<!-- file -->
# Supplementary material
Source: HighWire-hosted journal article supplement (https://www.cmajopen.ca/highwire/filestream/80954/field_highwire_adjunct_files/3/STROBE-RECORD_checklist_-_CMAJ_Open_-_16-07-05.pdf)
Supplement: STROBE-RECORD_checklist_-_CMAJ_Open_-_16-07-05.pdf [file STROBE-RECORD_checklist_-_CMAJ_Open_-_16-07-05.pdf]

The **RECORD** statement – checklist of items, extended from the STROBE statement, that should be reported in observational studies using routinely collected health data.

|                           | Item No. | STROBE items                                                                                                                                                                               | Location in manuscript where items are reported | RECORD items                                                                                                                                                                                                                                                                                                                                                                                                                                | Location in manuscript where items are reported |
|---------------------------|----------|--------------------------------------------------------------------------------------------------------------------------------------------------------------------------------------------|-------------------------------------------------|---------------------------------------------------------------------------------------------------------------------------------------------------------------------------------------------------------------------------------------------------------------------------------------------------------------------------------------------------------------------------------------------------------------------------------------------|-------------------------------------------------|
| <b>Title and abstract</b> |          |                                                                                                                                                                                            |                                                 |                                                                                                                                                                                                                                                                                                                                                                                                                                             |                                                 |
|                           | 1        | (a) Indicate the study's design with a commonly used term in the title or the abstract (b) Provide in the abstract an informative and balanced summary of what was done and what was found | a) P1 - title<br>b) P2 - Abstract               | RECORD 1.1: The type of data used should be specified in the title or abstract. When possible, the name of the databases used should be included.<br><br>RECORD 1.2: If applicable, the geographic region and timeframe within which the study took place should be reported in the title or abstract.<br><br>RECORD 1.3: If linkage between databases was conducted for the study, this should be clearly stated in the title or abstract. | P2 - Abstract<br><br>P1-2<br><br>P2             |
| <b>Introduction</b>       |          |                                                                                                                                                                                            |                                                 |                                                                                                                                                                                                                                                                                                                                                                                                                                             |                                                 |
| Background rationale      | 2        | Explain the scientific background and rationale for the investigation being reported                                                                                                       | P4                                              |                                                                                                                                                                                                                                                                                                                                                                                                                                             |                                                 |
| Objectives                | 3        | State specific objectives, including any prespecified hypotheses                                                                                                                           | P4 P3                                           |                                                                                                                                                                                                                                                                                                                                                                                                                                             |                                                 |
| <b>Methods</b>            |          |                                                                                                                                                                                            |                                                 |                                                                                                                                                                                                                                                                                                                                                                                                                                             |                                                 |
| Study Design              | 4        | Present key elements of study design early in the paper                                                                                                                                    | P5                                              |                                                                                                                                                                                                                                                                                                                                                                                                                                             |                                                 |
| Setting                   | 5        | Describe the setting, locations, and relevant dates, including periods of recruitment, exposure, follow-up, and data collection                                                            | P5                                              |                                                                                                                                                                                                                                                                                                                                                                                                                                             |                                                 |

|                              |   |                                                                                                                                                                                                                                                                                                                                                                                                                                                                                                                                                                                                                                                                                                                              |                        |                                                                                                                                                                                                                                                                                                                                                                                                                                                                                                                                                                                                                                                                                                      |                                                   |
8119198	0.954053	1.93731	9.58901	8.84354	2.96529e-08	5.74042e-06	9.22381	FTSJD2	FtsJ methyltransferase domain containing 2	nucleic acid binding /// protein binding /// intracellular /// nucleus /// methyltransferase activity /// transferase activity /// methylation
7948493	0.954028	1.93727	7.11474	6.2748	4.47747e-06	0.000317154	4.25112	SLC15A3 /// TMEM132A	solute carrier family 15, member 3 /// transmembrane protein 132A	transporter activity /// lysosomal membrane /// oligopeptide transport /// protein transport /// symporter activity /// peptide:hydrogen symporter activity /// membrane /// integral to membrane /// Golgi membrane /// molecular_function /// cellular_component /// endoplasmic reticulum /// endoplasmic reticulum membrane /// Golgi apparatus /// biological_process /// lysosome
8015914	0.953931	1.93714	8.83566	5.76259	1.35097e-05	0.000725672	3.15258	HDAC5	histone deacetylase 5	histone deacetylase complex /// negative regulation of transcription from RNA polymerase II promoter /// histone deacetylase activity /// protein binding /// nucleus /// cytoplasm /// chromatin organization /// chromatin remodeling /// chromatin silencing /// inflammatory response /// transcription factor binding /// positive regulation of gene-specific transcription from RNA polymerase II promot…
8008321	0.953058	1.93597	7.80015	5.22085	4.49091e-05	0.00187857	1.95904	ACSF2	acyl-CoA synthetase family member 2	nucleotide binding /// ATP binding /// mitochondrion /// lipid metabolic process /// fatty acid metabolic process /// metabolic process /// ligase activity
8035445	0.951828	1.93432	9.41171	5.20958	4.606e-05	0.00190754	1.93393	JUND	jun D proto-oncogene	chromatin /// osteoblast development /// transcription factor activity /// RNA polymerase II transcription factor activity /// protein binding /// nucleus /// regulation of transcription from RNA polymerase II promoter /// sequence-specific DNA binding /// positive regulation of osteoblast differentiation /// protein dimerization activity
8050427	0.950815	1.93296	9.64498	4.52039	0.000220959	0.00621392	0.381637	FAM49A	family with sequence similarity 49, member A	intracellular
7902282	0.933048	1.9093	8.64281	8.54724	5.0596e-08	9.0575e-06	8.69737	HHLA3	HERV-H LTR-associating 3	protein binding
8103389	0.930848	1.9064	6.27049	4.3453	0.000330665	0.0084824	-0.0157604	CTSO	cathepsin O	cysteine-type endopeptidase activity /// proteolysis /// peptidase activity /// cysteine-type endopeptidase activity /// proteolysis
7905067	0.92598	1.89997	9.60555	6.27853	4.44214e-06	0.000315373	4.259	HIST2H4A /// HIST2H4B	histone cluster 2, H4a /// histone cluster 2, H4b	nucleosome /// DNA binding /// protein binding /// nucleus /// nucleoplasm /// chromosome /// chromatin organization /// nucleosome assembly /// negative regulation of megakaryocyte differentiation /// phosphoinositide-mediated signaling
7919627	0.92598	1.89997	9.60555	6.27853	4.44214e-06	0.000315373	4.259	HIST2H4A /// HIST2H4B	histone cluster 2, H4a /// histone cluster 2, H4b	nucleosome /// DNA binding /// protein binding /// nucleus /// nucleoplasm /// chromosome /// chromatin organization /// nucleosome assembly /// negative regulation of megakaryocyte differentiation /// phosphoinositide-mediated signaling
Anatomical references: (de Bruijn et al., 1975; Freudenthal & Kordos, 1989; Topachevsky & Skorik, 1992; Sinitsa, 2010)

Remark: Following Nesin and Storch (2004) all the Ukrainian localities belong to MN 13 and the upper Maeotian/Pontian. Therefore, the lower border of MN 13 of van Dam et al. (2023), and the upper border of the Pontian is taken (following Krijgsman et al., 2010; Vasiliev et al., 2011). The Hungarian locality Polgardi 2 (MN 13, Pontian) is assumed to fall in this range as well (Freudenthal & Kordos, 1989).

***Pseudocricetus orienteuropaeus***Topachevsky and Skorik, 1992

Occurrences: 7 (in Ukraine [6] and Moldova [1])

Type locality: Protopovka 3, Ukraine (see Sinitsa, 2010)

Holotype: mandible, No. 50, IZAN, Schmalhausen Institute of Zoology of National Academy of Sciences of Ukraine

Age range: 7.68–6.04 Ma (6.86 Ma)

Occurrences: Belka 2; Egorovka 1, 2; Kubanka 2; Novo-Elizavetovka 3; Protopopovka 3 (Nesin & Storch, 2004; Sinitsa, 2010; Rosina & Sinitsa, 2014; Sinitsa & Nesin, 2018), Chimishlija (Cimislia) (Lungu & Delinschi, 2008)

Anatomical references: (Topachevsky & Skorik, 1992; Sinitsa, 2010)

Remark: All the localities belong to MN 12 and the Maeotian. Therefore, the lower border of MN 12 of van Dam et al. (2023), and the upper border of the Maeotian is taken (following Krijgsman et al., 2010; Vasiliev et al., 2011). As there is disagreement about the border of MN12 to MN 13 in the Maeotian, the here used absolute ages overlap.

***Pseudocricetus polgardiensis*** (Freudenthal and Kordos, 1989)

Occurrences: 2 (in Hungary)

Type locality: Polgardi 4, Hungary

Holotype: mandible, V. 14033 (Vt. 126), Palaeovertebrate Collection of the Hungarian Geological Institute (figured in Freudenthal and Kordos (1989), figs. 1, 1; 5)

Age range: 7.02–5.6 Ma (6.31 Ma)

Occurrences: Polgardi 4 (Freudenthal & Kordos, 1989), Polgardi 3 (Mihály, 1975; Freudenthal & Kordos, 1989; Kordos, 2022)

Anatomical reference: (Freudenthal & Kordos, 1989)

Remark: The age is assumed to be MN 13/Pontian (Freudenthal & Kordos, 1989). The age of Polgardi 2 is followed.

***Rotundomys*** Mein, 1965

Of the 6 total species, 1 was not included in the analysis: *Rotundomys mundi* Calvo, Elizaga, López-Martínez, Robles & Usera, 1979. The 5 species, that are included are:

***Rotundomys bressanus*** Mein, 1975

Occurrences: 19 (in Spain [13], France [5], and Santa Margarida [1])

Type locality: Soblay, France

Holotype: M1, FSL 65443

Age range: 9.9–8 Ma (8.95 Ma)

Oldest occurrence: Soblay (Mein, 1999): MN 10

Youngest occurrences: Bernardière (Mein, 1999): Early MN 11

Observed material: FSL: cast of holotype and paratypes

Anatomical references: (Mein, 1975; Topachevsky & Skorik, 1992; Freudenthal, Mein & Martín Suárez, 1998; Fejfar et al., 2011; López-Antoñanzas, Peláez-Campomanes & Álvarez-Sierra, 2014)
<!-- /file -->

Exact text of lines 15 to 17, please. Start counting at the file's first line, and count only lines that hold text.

|                              |   |                                                                                                                                                                                                                                                                                                                                                                                                                                                                                                                                                                                                                                                                                                                              |                        |                                                                                                                                                                                                                                                                                                                                                                                                                                                                                                                                                                                                                                                                                                      |                                                   |
8119198	0.954053	1.93731	9.58901	8.84354	2.96529e-08	5.74042e-06	9.22381	FTSJD2	FtsJ methyltransferase domain containing 2	nucleic acid binding /// protein binding /// intracellular /// nucleus /// methyltransferase activity /// transferase activity /// methylation
7948493	0.954028	1.93727	7.11474	6.2748	4.47747e-06	0.000317154	4.25112	SLC15A3 /// TMEM132A	solute carrier family 15, member 3 /// transmembrane protein 132A	transporter activity /// lysosomal membrane /// oligopeptide transport /// protein transport /// symporter activity /// peptide:hydrogen symporter activity /// membrane /// integral to membrane /// Golgi membrane /// molecular_function /// cellular_component /// endoplasmic reticulum /// endoplasmic reticulum membrane /// Golgi apparatus /// biological_process /// lysosome